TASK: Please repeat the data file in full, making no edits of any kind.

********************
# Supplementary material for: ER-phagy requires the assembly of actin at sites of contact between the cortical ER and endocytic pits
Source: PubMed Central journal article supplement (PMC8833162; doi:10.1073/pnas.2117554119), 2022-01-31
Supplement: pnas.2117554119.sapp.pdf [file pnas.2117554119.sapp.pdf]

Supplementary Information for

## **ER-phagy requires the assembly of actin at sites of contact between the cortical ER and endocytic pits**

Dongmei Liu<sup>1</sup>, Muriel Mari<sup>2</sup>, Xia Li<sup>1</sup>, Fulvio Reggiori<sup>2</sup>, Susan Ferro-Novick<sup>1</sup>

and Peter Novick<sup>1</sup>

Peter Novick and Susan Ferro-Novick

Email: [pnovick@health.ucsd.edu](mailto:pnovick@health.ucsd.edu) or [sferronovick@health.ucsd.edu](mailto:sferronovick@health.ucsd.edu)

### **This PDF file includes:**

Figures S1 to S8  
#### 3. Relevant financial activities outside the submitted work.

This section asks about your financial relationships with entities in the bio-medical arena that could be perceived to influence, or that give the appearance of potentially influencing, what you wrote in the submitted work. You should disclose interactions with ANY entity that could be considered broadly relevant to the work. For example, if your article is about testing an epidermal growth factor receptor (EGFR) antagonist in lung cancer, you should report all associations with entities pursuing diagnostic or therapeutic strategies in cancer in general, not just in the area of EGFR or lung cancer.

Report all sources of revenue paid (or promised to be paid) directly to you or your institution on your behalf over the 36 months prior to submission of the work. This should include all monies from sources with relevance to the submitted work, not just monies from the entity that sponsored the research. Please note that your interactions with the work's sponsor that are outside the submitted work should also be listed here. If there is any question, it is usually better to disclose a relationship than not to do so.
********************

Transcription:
# Supplementary material for: ER-phagy requires the assembly of actin at sites of contact between the cortical ER and endocytic pits
Source: PubMed Central journal article supplement (PMC8833162; doi:10.1073/pnas.2117554119), 2022-01-31
Supplement: pnas.2117554119.sapp.pdf [file pnas.2117554119.sapp.pdf]

Supplementary Information for

## **ER-phagy requires the assembly of actin at sites of contact between the cortical ER and endocytic pits**

Dongmei Liu<sup>1</sup>, Muriel Mari<sup>2</sup>, Xia Li<sup>1</sup>, Fulvio Reggiori<sup>2</sup>, Susan Ferro-Novick<sup>1</sup>

and Peter Novick<sup>1</sup>

Peter Novick and Susan Ferro-Novick

Email: [pnovick@health.ucsd.edu](mailto:pnovick@health.ucsd.edu) or [sferronovick@health.ucsd.edu](mailto:sferronovick@health.ucsd.edu)

### **This PDF file includes:**

Figures S1 to S8  
#### 3. Relevant financial activities outside the submitted work.

This section asks about your financial relationships with entities in the bio-medical arena that could be perceived to influence, or that give the appearance of potentially influencing, what you wrote in the submitted work. You should disclose interactions with ANY entity that could be considered broadly relevant to the work. For example, if your article is about testing an epidermal growth factor receptor (EGFR) antagonist in lung cancer, you should report all associations with entities pursuing diagnostic or therapeutic strategies in cancer in general, not just in the area of EGFR or lung cancer.

Report all sources of revenue paid (or promised to be paid) directly to you or your institution on your behalf over the 36 months prior to submission of the work. This should include all monies from sources with relevance to the submitted work, not just monies from the entity that sponsored the research. Please note that your interactions with the work's sponsor that are outside the submitted work should also be listed here. If there is any question, it is usually better to disclose a relationship than not to do so.